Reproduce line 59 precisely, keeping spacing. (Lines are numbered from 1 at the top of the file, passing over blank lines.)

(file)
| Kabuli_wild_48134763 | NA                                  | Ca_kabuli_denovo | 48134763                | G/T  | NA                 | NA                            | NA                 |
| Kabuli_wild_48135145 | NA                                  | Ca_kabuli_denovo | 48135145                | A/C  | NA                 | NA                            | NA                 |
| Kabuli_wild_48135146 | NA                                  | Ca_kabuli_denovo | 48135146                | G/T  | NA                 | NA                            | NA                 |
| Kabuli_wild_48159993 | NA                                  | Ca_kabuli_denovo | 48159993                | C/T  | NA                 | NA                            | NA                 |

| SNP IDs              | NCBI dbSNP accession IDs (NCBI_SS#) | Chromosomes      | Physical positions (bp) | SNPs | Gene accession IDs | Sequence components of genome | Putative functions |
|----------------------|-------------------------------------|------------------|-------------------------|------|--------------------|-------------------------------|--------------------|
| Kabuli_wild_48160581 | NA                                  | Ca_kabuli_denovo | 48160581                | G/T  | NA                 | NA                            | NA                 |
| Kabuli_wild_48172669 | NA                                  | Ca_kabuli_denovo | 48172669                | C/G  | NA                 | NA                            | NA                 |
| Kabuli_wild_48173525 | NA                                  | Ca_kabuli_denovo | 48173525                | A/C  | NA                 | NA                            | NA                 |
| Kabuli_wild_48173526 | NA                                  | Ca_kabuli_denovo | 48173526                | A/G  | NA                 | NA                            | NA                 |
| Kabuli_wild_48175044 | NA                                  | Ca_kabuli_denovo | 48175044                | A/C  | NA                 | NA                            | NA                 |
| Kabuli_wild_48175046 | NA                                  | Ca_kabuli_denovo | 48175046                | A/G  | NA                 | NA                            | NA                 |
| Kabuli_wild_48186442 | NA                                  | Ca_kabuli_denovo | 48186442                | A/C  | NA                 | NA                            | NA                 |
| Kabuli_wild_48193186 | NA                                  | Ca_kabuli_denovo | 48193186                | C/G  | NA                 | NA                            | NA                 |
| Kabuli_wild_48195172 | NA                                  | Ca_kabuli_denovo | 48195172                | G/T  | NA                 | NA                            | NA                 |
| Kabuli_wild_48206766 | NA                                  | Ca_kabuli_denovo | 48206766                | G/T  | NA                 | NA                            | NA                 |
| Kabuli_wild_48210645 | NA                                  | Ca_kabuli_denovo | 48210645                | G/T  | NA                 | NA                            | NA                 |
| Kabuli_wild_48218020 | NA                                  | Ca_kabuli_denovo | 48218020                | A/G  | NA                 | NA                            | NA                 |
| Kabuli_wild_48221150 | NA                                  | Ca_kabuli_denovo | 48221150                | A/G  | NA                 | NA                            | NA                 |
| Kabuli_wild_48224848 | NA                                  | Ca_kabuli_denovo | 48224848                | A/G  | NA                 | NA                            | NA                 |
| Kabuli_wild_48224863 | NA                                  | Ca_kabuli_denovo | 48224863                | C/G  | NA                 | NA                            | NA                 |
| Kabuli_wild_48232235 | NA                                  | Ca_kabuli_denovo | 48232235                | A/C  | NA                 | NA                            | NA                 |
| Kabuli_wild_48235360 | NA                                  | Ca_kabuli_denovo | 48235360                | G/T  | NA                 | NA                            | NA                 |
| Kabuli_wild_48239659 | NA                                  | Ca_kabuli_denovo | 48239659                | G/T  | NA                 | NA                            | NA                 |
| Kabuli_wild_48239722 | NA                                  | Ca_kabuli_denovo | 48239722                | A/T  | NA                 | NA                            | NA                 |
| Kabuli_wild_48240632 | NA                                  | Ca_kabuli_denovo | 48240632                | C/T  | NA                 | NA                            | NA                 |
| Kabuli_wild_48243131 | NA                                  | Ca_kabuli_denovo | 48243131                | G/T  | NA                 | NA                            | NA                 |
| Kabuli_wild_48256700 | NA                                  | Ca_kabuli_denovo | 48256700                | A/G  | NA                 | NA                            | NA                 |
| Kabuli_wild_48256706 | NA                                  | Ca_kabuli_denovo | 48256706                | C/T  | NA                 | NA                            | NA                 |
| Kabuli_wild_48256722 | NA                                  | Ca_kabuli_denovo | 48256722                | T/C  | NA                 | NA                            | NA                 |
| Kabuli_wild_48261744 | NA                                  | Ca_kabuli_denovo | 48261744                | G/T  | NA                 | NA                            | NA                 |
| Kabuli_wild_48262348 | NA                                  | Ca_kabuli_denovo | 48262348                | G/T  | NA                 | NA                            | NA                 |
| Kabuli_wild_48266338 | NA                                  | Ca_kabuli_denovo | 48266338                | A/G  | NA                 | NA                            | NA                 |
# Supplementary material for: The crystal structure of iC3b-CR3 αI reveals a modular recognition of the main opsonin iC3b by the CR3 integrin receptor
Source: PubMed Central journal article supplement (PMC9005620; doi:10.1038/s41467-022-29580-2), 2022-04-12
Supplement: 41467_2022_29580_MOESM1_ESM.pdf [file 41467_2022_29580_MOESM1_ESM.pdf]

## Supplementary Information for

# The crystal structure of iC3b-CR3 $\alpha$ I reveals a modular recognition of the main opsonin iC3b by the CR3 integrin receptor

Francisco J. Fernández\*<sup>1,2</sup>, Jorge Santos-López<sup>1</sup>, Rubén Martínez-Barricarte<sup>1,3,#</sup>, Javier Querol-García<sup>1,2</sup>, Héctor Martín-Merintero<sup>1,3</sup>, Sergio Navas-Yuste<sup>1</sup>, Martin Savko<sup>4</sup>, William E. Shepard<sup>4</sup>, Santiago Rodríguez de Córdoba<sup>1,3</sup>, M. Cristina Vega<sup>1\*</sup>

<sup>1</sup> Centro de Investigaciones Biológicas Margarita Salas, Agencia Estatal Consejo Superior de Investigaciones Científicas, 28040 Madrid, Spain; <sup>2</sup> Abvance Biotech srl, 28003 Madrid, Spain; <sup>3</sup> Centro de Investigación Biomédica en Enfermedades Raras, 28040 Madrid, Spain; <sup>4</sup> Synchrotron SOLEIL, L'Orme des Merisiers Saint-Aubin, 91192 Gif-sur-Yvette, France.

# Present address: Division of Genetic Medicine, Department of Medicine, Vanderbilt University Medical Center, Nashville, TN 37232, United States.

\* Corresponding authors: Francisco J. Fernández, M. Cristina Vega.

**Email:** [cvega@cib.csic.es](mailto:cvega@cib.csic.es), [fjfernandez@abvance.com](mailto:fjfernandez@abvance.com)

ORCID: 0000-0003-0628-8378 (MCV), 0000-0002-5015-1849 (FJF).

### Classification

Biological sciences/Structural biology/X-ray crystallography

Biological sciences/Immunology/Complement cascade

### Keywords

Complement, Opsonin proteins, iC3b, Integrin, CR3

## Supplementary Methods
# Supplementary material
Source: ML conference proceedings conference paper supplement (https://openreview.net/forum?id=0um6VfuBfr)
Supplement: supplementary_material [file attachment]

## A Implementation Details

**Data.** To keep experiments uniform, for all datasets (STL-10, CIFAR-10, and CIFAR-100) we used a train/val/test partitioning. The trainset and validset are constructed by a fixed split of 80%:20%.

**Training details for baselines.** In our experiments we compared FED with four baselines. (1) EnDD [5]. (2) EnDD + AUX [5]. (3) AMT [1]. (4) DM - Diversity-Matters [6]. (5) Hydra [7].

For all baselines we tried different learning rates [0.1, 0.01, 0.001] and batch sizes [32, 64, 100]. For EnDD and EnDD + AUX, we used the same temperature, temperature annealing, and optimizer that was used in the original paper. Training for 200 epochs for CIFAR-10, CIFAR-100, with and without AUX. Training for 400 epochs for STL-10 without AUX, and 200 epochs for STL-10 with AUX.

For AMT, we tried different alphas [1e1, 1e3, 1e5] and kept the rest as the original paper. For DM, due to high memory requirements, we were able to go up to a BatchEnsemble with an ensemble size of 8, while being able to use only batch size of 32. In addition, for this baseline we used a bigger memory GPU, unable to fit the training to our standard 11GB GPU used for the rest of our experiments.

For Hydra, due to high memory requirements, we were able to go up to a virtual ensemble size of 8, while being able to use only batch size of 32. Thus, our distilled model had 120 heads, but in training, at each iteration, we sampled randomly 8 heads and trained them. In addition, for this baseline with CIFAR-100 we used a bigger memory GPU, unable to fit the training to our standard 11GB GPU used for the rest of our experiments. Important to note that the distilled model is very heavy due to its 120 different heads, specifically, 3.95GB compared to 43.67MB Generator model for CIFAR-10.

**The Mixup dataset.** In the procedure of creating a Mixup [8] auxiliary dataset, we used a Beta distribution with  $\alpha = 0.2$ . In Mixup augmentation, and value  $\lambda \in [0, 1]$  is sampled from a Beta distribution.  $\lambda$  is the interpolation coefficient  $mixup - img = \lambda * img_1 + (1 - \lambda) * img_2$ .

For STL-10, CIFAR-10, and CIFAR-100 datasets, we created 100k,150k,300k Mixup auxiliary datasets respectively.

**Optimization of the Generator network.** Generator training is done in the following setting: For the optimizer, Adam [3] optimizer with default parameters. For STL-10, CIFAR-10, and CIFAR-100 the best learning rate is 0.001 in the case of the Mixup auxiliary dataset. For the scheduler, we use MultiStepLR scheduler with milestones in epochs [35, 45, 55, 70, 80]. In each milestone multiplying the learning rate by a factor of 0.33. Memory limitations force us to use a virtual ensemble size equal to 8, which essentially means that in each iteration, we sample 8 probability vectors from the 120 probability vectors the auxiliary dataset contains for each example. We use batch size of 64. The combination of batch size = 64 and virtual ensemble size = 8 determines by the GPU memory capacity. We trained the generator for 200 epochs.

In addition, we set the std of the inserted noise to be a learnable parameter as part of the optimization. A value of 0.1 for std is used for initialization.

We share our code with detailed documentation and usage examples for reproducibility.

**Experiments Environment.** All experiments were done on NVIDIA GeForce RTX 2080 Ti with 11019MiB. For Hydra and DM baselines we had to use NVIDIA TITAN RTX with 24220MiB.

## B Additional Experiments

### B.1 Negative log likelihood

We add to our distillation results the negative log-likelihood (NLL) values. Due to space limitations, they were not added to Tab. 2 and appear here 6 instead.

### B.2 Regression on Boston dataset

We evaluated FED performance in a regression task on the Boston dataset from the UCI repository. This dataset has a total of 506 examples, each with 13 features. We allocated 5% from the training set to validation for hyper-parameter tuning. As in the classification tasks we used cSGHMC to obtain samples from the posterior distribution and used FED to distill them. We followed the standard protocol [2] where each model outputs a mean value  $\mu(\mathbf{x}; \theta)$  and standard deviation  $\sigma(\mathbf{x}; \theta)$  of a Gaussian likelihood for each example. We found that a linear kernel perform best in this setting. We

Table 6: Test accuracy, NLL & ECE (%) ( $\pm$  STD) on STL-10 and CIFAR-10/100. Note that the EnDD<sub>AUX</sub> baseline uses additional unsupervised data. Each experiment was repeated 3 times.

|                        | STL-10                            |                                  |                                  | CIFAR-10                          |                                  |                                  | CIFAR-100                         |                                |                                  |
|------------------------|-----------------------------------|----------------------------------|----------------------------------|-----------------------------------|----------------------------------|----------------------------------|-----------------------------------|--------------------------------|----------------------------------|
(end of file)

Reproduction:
For Hydra, due to high memory requirements, we were able to go up to a virtual ensemble size of 8, while being able to use only batch size of 32. Thus, our distilled model had 120 heads, but in training, at each iteration, we sampled randomly 8 heads and trained them. In addition, for this baseline with CIFAR-100 we used a bigger memory GPU, unable to fit the training to our standard 11GB GPU used for the rest of our experiments. Important to note that the distilled model is very heavy due to its 120 different heads, specifically, 3.95GB compared to 43.67MB Generator model for CIFAR-10.